CNN, CBS, NBC, Joost Make New Web Moves

TV networks were busy with Web expansions yesterday, as CNN bought an equity stake in Internet Broadcasting, CBS Interactive bought Wallstrip, and NBC Universal adopted a new ad format from Unicast. Also, soon-to-launch Internet TV service Joost signed up with Creative Artists Agency (CAA).

CNN joined Hearst-Argyle Television, Post-Newsweek Stations, McGraw-Hill Broadcasting and Split Rock Partners as investors in Internet Broadcasting, which runs a network of more than 70 news and information sites for local TV stations nationwide. In addition to stations owned by the parent companies, the company also publishes sites for NBC, Cox, Meredith, Scripps and Morgan stations.

CNN and Internet Broadcasting said they will now allow advertisers to combine CNN.com's national reach with the regional reach of the local news sites; Internet Broadcasting will offer select CNN.com ad placements as part of its nationwide, regional or market-by-market ad packages. On the editorial side, the companies will share local, national and international news content.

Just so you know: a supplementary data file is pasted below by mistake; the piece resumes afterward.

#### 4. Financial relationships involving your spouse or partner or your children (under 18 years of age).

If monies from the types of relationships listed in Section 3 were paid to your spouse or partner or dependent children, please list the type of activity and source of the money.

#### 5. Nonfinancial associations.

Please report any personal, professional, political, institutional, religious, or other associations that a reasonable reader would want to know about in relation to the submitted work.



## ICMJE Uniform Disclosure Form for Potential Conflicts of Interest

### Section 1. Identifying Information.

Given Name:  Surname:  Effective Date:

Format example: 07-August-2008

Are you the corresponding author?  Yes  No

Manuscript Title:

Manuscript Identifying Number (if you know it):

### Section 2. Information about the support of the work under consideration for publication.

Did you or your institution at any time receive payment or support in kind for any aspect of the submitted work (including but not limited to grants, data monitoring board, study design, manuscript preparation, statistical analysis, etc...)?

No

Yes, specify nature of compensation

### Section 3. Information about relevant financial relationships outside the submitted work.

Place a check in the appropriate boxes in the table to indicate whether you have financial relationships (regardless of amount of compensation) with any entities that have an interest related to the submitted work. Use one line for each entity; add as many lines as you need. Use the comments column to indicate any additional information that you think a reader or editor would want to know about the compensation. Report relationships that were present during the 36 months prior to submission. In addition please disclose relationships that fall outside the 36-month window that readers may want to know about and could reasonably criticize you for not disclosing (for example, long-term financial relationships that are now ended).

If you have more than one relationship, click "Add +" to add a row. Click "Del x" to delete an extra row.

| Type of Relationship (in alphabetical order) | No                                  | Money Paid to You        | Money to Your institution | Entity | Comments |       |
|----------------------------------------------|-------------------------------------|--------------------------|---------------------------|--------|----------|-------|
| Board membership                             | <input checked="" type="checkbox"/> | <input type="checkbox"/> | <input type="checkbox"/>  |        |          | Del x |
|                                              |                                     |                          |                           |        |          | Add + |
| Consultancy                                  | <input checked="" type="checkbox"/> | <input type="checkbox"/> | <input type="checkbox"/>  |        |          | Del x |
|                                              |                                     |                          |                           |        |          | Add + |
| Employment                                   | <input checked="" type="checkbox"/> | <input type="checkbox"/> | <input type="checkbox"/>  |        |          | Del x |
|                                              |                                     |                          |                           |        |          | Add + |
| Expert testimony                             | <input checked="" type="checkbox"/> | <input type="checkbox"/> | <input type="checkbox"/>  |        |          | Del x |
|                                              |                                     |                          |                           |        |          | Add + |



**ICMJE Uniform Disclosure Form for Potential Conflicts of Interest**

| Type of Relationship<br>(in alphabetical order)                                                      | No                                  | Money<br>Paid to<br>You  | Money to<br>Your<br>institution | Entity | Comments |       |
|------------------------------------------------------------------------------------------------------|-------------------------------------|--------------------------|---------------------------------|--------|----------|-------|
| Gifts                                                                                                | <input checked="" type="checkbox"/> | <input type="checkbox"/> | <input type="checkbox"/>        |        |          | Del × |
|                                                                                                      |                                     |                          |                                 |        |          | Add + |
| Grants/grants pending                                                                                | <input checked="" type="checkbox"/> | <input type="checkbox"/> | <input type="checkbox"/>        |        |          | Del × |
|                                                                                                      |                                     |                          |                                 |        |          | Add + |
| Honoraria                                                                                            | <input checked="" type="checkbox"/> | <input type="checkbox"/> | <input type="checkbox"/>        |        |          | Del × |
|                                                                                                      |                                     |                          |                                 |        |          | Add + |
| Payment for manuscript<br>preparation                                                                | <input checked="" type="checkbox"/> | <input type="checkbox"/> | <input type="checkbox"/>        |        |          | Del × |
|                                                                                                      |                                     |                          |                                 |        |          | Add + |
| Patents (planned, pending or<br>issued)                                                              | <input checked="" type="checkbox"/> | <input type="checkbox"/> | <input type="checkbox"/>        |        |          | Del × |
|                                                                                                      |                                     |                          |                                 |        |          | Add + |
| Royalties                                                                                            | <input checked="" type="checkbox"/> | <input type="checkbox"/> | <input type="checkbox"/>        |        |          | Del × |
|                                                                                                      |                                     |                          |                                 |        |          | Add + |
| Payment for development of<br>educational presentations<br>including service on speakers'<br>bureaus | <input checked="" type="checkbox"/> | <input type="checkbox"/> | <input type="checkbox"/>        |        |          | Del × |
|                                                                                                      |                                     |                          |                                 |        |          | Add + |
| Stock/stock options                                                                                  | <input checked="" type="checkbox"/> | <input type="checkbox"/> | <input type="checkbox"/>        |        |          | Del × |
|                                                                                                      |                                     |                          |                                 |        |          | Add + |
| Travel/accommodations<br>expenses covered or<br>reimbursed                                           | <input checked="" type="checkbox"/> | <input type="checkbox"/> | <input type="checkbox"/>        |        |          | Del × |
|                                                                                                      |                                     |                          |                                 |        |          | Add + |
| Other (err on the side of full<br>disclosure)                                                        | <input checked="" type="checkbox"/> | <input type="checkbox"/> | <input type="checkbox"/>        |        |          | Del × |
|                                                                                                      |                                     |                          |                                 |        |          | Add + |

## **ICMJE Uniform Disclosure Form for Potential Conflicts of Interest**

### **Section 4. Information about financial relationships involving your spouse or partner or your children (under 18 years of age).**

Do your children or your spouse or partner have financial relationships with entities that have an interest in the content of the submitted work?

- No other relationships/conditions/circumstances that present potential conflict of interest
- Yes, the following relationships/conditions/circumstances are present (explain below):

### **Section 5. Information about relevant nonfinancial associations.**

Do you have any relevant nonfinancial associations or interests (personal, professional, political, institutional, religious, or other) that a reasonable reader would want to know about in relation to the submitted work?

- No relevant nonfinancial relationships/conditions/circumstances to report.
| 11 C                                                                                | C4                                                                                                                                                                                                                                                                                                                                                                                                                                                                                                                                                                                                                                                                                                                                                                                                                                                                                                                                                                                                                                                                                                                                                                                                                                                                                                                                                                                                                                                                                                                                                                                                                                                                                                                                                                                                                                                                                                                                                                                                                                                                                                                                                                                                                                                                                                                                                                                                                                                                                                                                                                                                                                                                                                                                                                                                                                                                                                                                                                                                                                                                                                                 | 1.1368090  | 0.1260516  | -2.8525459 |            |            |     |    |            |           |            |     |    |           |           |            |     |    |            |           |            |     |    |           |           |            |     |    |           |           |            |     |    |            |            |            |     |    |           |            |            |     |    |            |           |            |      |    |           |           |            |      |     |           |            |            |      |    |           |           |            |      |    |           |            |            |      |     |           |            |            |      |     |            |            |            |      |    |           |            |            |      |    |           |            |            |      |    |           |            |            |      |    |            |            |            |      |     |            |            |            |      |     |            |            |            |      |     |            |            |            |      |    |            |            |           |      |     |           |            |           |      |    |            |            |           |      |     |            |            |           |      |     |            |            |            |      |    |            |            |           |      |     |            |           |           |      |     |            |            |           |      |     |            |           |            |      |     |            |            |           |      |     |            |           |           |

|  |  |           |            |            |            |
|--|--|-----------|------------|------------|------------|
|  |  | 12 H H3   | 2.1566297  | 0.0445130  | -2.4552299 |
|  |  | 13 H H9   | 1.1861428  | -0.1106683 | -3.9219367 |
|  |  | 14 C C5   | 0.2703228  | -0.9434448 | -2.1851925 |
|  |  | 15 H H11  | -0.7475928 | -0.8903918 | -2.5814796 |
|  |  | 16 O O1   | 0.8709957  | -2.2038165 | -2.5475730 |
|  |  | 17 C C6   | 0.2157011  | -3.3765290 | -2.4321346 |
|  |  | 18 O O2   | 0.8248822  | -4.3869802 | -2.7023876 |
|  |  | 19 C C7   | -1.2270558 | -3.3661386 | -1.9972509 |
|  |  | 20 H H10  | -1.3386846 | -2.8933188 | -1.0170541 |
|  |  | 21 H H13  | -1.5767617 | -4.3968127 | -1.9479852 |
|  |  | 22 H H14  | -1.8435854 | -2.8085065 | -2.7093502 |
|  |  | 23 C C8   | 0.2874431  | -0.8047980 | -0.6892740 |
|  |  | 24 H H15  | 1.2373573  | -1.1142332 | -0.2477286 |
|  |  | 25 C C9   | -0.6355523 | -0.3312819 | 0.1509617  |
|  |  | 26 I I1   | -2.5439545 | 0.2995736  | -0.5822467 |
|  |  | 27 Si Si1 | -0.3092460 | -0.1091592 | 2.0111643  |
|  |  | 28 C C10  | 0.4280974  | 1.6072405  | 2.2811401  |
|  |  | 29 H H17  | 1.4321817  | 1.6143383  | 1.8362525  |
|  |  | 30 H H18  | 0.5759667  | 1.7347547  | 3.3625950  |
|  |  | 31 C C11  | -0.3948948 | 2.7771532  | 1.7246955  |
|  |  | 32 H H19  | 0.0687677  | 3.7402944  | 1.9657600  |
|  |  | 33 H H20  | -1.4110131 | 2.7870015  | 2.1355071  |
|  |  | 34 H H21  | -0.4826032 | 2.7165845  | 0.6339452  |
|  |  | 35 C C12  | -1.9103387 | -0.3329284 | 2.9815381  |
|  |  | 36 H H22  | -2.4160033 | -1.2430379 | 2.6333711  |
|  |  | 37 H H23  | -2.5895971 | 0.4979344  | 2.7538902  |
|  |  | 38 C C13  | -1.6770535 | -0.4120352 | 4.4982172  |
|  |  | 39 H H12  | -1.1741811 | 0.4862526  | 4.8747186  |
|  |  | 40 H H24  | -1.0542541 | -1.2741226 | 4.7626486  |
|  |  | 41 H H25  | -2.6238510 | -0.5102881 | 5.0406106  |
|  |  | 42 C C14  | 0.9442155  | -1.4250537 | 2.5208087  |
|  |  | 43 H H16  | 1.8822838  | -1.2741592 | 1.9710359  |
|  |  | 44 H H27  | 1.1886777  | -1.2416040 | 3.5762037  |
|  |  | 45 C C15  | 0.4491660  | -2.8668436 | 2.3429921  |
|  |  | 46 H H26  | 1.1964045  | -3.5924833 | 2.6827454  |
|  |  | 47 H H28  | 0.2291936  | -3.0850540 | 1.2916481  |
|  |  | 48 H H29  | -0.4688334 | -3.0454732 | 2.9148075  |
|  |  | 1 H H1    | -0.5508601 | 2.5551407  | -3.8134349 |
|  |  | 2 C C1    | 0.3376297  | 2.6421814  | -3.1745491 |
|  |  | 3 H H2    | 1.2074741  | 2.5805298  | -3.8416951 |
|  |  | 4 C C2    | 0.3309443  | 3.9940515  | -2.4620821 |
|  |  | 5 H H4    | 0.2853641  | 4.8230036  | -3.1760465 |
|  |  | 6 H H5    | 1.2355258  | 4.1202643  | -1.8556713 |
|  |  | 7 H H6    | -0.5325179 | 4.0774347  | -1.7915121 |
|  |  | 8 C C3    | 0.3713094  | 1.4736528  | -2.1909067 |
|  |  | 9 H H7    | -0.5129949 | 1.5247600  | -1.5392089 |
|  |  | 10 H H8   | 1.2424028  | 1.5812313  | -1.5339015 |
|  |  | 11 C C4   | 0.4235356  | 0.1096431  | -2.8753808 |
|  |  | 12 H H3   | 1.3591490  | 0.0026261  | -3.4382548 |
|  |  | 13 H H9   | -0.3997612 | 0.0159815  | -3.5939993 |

(Two other providers to local TV station Web sites also made announcements yesterday: WorldNow, whose publishing platform is used by 130 TV station sites, partnered with Magid Media Futures for audience surveys, and MediaSpan said its ad network had added 75 TV and newspaper sites, for a total now surpassing 1,300 affiliates.

Wallstrip, the six-month-old irreverent online financial video show, used an irreverent news video with its on-air host Lindsay Campbell to confirm that it had indeed been acquired by CBS Interactive. Purchase price was not announced.

NBC became the first publisher signed to use Unicast's new InteractiveX ad format--which allows advertisers to showcase multiple videos in a custom ad unit. When a user watching online video selects one of the videos from the ad, it plays over the original video content, and the original program resumes once the marketing message ends.

Meanwhile, Yvette Alberdingk Thijm, executive vice president, content strategy and acquisition for Joost, which has already announced a slew of content and advertising deals, said CAA will help in its efforts to secure "more high-quality, professionally produced programming." Michael Yanover, head of business development at CAA, pointed to the agency's "relationships with networks, studios, record labels, artists and independently controlled content library."

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